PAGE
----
Most Business Analysts are familiar with functional and non-functional requirements, but some organizations like to be more specific when it comes to defining requirement types. Here is a list of different types of requirements that you may not be familiar with.
Business requirements identify the strategic, tactical, and operational needs along with the goals or objectives of the sponsoring organization. These are documented from a management perspective.
Regulatory requirements address legislative or legal requirements of an organization. They can be internal or external regulations. These are non-negotiable meaning that they Specify that the system should adhere to law or legislation and you must elaborate on how the business system will meet the regulation.
Process requirements identify what the product should do in order to fulfill the business need.
These requirements can include Functional Areas. Functional areas provide a brief description of the functional area to be included in the solution. Functional area descriptions represent the mandatory process requirements of a system.
Reporting requirements identify what reports the product and/or system must be able to manage.
Examples include frequency of the report, run dates/times, recipients of a report, format, data source, distribution methods, storage, or other bits of information that are applied to reporting.
INTERFACE / INTEGRATION REQUIREMENTS
Interface Requirements identify what information is needed to ensure that the system will communicate properly with external components. This can include things like message displays, navigation links, communication interfaces, user interfaces, online forms, and interfaces with other systems.
Usability requirements identify what abilities and expectations of usage experiences the product must conform to. This type of requirement can address how the graphical user interface (GUI) is designed with consideration for the different types of users and their skill levels. This can include things like online help menus, input fields and submit buttons, save and undo buttons, etc.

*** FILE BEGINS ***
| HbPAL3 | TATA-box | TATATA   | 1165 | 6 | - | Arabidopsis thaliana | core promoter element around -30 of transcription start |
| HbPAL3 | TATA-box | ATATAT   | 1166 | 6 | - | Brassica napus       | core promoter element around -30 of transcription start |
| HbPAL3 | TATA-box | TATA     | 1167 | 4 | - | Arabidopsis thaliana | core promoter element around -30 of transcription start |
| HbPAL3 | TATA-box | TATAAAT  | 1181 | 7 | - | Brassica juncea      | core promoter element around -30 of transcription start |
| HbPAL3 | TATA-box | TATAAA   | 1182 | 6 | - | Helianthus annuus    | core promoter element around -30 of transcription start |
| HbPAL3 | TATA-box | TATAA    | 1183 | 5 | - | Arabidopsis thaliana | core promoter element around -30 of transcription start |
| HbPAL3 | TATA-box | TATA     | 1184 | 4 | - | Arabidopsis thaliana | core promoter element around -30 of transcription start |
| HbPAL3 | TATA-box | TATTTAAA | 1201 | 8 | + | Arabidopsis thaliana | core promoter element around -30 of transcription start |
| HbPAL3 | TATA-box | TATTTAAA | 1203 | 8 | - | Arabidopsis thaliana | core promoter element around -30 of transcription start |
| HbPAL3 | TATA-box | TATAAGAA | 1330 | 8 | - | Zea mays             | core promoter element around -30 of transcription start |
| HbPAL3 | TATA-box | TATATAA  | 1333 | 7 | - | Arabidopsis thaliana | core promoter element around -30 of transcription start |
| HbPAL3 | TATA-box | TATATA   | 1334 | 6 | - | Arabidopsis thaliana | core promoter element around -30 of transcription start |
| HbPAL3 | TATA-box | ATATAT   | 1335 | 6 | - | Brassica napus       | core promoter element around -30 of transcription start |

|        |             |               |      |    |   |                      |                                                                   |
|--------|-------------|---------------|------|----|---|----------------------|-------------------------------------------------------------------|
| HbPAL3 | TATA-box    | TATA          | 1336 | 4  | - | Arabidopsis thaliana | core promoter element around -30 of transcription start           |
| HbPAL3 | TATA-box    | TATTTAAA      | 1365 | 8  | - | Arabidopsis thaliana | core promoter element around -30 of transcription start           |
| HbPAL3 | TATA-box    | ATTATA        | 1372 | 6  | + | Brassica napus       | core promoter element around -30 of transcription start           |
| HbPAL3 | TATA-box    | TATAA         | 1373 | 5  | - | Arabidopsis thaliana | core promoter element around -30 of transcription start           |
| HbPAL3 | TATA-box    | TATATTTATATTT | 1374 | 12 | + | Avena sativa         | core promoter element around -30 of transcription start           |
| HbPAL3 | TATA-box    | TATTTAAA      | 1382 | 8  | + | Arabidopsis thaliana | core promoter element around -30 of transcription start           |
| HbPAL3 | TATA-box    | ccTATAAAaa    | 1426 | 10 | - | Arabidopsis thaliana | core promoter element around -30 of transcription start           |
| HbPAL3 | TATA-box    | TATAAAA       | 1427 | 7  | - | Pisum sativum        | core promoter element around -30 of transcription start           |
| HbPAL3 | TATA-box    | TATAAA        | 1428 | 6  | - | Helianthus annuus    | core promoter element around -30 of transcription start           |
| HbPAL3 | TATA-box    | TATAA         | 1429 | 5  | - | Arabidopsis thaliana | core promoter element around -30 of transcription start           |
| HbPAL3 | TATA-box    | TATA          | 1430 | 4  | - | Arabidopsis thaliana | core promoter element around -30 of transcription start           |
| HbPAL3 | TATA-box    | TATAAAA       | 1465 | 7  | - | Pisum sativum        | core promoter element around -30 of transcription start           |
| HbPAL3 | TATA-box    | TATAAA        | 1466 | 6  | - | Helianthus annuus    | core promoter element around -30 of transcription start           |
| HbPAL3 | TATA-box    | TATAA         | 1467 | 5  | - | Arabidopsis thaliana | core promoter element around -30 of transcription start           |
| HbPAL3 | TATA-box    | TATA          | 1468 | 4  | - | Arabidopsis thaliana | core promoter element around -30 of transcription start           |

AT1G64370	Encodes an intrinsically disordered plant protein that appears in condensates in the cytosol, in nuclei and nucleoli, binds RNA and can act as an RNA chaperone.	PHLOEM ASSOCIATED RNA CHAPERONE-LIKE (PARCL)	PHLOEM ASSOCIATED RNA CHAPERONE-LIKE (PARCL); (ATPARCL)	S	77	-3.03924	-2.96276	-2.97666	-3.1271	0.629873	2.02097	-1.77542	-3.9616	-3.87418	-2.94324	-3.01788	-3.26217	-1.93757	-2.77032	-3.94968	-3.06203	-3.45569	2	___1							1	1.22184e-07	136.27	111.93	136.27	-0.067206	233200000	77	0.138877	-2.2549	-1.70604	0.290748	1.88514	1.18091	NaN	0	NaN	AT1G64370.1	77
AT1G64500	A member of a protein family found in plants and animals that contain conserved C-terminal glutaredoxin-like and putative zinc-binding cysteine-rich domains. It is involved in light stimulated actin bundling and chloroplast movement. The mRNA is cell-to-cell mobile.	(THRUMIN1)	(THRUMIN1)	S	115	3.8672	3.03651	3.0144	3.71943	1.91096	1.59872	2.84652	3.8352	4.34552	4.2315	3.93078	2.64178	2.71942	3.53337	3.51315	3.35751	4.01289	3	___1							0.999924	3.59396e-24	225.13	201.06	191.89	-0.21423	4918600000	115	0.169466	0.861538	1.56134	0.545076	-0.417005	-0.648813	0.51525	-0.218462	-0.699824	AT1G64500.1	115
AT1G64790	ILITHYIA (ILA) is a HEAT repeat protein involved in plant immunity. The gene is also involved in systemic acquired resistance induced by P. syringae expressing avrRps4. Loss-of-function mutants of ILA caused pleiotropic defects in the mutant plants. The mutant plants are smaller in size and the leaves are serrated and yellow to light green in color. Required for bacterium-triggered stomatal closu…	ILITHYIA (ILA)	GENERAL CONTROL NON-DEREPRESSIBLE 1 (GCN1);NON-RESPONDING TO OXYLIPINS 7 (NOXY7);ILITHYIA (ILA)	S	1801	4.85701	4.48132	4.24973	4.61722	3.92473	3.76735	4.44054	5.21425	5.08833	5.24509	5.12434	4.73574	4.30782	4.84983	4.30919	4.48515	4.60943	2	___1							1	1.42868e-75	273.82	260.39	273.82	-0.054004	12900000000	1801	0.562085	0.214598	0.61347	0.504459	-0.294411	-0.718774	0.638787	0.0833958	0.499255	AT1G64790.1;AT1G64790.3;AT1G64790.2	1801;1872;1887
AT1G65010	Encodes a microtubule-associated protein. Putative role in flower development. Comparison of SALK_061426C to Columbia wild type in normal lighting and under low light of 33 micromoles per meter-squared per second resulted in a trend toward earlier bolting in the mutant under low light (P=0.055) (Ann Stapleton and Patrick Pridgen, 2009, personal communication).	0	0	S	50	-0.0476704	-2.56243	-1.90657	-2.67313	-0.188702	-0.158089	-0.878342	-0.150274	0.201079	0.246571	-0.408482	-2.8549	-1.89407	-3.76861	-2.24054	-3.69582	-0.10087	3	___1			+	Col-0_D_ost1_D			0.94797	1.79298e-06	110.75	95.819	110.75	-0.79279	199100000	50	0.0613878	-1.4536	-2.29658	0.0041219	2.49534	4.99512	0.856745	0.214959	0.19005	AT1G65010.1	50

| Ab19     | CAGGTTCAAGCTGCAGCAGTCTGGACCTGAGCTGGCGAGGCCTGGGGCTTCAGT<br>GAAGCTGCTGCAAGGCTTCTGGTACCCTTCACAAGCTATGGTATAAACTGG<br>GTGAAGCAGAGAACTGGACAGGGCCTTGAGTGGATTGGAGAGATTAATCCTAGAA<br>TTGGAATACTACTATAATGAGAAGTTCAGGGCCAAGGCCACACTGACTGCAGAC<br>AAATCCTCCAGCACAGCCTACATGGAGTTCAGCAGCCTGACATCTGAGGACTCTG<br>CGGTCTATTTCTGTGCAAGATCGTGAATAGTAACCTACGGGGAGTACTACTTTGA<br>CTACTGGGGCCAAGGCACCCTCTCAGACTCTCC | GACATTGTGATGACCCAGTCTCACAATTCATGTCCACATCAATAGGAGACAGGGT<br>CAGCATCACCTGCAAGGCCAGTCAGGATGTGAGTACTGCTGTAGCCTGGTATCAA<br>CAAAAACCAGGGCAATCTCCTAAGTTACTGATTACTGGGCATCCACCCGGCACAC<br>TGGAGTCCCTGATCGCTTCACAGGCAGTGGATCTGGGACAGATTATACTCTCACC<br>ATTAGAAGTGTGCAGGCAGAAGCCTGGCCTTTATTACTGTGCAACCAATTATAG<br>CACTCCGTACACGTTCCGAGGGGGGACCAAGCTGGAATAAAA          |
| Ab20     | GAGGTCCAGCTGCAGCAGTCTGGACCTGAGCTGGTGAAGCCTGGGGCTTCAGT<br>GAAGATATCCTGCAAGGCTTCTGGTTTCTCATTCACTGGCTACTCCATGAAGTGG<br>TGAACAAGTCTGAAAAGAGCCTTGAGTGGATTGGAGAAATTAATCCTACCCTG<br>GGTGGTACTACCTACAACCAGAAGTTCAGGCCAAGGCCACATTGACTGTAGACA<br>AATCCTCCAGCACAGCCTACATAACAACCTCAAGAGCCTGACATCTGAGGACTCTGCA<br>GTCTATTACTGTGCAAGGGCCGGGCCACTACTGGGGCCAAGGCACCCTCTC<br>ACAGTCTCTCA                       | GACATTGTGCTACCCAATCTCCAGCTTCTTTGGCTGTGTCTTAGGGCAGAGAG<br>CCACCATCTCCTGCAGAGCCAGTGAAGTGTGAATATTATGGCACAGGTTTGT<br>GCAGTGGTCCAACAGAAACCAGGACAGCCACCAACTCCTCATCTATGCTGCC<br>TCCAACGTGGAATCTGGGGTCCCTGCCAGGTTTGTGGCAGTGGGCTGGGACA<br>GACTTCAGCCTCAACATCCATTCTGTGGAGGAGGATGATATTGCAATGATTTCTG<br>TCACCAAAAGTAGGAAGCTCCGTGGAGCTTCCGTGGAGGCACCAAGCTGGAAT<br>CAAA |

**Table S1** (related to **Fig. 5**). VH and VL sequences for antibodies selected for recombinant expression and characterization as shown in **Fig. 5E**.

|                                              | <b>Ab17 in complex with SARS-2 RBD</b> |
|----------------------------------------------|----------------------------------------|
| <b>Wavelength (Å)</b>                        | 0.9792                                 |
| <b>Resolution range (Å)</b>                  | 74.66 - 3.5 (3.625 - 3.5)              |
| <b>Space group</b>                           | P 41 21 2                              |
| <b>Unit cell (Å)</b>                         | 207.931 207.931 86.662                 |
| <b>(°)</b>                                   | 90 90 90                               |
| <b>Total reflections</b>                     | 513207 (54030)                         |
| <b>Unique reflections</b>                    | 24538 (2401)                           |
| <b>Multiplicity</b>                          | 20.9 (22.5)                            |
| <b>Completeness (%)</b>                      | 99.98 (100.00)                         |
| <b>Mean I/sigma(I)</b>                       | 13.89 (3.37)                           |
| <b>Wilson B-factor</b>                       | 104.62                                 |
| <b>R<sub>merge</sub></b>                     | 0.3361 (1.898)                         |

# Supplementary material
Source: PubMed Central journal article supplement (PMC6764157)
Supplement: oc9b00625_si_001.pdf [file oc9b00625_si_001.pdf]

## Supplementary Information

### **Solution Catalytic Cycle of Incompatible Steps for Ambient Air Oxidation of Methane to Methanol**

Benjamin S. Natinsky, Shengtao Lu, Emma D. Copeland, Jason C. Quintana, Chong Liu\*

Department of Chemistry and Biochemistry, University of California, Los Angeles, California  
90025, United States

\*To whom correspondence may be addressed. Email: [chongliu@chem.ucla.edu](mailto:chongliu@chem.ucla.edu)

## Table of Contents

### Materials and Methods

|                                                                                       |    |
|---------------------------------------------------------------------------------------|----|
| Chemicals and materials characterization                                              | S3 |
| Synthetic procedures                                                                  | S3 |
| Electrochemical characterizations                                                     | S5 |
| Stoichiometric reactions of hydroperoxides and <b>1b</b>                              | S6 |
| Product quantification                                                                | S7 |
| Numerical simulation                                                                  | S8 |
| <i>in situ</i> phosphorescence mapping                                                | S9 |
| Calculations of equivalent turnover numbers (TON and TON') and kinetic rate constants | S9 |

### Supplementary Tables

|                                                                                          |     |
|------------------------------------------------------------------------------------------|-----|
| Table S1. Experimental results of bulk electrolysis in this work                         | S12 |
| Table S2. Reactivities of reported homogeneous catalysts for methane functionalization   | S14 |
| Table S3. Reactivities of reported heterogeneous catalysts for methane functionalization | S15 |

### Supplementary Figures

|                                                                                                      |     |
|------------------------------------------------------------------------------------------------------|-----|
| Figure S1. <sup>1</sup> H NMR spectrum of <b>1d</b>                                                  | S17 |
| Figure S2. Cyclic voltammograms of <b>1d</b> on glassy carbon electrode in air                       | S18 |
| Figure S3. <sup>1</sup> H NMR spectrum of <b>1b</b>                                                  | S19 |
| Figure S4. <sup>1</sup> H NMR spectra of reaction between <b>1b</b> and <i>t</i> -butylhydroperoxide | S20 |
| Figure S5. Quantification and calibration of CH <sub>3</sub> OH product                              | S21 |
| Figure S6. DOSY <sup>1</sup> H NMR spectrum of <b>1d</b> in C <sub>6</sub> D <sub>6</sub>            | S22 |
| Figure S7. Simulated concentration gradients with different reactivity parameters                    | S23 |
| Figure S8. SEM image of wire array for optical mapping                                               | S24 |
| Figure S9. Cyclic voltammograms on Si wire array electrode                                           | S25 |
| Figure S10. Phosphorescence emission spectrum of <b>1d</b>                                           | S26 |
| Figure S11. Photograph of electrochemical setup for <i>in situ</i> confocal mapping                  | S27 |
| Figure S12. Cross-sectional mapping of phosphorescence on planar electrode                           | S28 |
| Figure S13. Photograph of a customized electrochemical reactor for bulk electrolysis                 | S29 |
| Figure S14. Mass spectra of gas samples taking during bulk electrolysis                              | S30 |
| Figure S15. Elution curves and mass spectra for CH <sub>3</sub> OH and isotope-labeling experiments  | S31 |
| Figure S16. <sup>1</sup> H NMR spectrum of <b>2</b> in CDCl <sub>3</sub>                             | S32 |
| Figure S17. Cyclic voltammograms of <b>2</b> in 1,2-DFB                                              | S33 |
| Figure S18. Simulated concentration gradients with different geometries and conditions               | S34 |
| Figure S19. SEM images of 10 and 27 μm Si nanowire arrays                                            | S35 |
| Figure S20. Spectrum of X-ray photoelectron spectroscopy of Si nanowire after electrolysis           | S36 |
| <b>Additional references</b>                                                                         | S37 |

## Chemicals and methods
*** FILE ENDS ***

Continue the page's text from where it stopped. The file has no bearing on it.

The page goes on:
Training requirements identify user, help desk, and support training required for a product, or system. It can include user guides, technical manuals, certifications, level of training required, number of participants, etc.
Security requirements are a subset of non-functional/supplemental requirements. Security requirements identify the security, confidentiality, integrity and privacy issues affecting access to the product or application, and protection of the data that the product or system creates or uses. This can include user roles and responsibilities, access rights, user privileges, number of users, descriptions, etc
CLIENT IMPLEMENTATION REQUIREMENTS
Client Implementation requirements identify specific impacts on the client during implementation. This can include client workload, work schedule, traveling schedule, or downtime.
DATA CONVERSION AND CLEANSING REQUIREMENTS
Date Conversion requirements identify the specific requirements pertaining to data conversion and cleaning. This can include the migration of employee data from the current system to the future system, Data masking, Data sanitization, etc.
Availability requirements identify a measurement of the planned uptime during which the system is actually available for use and fully operational. These requirements should be documented in terms of application and required availability. This can include hours of availability, critical time frames, maintenance windows, etc.
Requirements that measure the ease of adding new functionality to the product or system. These are the requirements that help make a product or system expand and adapt to change without having to modify the product or system.
SYSTEM CAPACITY AND SCALABILITY REQUIREMENTS
System capacity and scalability requirements identify the expected load on the system, how many users are likely to access the system concurrently, system usage, and the system attributes. They can include the average number of concurrent users, maximum number of concurrent users, average number of transactions processed per day, maximum number of transactions processed per day, etc.
Performance requirements identify what the product and/or system must do efficiently. This can address response time, maximum duration to execute a task, upload time, download time, how many transactions can be processed the one time, and how many users the product or system can handle.
Robustness requirements identify the degree to which the product continues to function properly when confronted with invalid inputs, defects in connected software and hardware components, or unexpected operating conditions. One example is the ability of the solution to recover all changes made in the file up to ten minutes prior to a system failure.
INFORMATION MANAGEMENT REQUIREMENTS
The information management requirements are meant to ensure that systems have the ability to delete records at the end of their lifecycle in compliance with the Management of Information Act or other legislation. These are standard Information requirements that are required for all systems.
If you remember some of these different types of requirements the next time you meet with stakeholders, it may help you elicit new requirements.